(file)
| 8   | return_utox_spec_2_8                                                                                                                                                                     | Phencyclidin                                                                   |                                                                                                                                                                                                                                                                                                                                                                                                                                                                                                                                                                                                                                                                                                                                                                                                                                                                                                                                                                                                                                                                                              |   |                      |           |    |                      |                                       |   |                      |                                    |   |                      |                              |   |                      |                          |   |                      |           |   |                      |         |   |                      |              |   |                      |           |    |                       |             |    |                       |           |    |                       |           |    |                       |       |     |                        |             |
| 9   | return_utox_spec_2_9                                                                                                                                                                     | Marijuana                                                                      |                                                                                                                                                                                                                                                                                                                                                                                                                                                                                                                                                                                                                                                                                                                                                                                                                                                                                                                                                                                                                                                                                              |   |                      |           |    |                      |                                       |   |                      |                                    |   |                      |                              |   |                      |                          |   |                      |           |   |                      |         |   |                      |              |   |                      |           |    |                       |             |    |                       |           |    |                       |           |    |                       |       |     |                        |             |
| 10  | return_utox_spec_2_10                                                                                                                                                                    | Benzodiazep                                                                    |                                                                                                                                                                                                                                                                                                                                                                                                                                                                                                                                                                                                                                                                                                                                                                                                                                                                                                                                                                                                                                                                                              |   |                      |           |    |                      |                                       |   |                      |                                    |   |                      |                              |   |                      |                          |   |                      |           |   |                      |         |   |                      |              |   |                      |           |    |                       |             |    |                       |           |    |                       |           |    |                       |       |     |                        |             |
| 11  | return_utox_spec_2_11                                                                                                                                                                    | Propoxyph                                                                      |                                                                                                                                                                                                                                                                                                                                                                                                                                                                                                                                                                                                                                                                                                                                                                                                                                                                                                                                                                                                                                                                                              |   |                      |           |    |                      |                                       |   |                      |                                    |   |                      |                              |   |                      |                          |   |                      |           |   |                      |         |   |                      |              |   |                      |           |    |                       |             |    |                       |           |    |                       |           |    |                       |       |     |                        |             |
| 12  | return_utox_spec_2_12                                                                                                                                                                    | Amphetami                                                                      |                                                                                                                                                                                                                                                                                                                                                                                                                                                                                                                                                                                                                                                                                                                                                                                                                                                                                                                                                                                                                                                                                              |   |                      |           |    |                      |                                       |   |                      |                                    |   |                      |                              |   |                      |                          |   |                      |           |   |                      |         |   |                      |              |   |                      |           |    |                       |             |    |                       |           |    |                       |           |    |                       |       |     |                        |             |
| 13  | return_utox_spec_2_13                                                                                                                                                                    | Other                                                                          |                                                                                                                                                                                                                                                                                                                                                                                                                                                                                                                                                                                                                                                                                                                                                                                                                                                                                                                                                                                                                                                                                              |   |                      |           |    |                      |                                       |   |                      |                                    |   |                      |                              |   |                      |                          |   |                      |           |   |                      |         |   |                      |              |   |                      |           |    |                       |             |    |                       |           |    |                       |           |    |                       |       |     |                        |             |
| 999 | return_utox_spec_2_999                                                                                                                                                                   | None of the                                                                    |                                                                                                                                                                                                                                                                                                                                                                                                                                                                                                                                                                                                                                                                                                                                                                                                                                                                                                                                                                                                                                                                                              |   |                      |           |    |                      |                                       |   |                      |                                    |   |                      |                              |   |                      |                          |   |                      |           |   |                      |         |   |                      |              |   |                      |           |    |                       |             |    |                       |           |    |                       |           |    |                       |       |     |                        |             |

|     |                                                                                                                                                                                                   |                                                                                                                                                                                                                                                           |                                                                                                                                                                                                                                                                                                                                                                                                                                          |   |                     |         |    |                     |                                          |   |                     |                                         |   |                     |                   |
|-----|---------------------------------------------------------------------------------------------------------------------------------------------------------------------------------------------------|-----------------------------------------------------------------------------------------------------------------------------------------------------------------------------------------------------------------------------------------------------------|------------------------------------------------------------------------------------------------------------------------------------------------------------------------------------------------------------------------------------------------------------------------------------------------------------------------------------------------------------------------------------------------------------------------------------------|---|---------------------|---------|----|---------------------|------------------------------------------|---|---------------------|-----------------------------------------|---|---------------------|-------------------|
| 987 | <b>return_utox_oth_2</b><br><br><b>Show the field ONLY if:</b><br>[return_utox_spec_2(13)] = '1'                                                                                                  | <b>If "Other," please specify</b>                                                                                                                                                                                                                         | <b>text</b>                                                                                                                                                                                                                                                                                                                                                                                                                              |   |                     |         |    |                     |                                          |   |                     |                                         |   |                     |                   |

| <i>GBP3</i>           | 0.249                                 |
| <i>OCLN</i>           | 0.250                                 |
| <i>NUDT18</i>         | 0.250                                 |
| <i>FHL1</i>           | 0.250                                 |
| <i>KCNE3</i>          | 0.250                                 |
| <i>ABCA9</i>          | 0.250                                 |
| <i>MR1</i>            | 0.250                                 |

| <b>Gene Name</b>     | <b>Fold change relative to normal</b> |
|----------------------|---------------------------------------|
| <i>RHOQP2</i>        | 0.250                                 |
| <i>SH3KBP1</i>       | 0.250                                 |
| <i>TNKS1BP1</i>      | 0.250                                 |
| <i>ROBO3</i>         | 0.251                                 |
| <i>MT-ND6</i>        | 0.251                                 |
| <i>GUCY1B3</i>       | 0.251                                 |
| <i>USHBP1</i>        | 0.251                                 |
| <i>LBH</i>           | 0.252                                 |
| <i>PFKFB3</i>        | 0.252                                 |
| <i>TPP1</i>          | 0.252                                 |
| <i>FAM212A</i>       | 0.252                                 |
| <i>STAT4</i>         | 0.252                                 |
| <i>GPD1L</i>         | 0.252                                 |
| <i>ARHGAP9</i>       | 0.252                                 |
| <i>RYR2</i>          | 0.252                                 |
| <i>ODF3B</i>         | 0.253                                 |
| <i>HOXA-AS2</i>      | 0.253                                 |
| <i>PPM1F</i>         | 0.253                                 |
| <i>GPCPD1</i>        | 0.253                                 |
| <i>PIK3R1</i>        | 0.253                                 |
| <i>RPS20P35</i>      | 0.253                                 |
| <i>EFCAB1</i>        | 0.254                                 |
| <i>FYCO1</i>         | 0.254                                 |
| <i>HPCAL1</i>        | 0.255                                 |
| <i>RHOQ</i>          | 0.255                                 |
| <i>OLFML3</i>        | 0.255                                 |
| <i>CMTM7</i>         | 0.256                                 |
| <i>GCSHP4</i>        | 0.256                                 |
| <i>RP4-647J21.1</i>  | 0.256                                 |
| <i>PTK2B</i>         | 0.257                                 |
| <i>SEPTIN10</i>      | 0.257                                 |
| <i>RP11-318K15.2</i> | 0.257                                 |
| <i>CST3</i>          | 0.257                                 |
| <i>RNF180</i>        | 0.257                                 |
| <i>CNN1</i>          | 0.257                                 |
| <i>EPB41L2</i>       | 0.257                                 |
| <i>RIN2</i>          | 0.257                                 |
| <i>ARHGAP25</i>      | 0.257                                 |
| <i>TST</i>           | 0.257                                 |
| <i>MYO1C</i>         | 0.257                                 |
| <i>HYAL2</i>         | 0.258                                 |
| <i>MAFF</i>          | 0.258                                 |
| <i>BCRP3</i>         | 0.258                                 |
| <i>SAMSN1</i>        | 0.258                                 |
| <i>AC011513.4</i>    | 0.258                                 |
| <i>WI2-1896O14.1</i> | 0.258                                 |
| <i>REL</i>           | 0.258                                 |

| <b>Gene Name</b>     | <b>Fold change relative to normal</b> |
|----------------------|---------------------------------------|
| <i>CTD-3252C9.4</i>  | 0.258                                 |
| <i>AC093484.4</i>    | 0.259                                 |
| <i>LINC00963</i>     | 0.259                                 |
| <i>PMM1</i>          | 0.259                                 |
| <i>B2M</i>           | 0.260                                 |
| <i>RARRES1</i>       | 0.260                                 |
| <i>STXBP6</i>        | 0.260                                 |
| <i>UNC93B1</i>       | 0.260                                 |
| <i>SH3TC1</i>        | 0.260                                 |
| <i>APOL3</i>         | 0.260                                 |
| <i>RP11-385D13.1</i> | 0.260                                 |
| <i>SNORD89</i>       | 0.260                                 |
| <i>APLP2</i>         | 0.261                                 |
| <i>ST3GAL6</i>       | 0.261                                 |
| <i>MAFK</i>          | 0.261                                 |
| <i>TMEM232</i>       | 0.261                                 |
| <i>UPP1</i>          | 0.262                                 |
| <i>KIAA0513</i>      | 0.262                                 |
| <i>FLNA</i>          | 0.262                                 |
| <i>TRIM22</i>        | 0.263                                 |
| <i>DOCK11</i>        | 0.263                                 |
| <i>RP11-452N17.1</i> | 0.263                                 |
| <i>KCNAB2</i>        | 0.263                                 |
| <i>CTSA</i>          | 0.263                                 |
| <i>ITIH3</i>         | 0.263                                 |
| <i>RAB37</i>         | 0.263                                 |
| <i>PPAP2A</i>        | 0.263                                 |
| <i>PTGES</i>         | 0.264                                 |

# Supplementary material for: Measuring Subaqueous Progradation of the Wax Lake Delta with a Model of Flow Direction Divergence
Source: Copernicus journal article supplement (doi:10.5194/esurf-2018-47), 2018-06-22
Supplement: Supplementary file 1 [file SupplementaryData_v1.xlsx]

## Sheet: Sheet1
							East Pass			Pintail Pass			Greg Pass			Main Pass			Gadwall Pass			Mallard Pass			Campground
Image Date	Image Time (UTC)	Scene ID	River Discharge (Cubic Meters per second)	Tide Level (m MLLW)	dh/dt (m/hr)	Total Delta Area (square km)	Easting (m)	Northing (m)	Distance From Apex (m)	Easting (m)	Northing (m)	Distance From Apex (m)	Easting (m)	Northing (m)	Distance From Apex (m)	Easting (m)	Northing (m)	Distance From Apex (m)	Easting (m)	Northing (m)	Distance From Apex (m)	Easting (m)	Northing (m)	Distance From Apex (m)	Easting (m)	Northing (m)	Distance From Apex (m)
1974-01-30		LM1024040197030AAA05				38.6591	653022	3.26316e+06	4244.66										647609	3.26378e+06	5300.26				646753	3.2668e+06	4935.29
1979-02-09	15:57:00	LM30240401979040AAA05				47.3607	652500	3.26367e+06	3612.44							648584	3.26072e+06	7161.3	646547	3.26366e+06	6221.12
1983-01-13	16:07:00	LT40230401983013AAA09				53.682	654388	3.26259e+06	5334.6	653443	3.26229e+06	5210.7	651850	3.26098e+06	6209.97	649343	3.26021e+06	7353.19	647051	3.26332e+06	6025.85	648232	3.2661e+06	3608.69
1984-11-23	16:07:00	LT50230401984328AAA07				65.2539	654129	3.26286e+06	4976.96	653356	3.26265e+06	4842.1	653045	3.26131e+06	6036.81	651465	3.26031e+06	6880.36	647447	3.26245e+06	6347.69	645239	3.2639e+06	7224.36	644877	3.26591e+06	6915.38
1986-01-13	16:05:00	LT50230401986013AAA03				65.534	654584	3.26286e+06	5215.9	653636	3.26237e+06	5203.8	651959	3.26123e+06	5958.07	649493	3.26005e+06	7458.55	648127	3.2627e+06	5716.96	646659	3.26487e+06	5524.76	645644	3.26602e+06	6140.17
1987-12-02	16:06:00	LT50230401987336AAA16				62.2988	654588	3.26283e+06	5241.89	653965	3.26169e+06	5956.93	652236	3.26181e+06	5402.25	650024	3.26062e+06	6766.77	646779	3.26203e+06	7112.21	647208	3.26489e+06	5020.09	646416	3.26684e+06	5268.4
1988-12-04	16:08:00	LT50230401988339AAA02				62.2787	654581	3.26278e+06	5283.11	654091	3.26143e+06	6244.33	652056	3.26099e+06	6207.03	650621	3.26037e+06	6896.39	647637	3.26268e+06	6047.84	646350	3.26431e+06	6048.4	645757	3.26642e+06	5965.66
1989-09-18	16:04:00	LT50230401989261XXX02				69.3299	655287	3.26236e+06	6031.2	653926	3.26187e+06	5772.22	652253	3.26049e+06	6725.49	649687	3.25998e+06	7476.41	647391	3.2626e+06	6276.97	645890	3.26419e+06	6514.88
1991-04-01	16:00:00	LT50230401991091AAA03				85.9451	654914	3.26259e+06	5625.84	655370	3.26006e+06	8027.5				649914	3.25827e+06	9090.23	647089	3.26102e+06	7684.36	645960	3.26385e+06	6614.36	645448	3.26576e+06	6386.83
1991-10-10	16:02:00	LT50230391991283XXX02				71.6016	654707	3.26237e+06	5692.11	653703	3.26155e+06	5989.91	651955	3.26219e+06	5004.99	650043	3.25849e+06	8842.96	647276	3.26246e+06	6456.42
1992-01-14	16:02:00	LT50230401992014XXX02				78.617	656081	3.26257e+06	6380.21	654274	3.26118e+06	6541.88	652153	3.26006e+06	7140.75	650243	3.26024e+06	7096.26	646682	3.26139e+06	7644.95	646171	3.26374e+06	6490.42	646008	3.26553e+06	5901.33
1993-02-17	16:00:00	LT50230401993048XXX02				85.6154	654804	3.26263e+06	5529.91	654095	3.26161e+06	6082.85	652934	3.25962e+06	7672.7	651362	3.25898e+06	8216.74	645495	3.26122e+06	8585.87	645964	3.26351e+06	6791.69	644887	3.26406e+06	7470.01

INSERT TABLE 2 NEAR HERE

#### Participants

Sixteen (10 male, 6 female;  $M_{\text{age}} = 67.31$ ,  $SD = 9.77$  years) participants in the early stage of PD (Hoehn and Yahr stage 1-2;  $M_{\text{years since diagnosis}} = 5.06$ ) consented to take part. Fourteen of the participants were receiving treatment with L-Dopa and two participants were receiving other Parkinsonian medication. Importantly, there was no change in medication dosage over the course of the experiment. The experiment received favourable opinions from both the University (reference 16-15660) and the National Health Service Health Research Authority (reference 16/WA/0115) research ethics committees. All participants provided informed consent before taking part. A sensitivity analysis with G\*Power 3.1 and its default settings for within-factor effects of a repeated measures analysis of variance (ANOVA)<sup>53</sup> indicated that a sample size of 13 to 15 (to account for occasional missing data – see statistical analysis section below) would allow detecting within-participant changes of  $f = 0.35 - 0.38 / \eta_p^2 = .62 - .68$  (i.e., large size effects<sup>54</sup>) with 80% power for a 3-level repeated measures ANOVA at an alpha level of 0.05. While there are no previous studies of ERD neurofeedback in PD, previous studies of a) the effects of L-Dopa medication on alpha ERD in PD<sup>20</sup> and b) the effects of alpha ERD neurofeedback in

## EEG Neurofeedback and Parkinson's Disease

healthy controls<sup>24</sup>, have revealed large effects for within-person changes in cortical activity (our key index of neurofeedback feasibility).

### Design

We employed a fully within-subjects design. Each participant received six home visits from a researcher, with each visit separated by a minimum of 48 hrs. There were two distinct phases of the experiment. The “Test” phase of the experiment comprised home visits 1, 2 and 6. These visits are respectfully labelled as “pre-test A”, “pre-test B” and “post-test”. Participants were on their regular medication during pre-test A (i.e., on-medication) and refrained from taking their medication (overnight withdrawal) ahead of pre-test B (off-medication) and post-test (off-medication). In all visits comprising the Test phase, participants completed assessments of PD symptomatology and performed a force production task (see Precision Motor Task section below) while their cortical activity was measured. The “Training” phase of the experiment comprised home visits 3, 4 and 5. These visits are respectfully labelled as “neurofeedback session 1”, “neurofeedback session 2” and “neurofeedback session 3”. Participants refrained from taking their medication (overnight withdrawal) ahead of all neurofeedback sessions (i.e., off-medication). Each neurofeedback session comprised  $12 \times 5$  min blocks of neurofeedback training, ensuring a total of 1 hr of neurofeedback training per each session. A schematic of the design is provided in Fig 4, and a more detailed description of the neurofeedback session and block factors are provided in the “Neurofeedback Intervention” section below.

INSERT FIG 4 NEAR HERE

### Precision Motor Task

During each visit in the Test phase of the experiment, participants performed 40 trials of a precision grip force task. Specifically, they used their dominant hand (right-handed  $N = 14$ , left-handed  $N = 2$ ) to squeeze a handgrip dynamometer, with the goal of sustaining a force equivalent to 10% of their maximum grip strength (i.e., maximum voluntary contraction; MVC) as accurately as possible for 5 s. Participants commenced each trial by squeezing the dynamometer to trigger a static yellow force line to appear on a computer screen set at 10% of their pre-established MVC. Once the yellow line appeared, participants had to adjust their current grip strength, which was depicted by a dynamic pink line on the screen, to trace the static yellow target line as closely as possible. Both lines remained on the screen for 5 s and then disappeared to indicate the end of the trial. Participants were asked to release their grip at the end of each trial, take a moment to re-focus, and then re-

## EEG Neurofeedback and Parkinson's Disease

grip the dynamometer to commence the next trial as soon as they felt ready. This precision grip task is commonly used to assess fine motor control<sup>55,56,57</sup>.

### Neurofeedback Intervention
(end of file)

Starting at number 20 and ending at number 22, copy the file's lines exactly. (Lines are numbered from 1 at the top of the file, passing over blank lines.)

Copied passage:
| <i>RHOQP2</i>        | 0.250                                 |
| <i>SH3KBP1</i>       | 0.250                                 |
| <i>TNKS1BP1</i>      | 0.250                                 |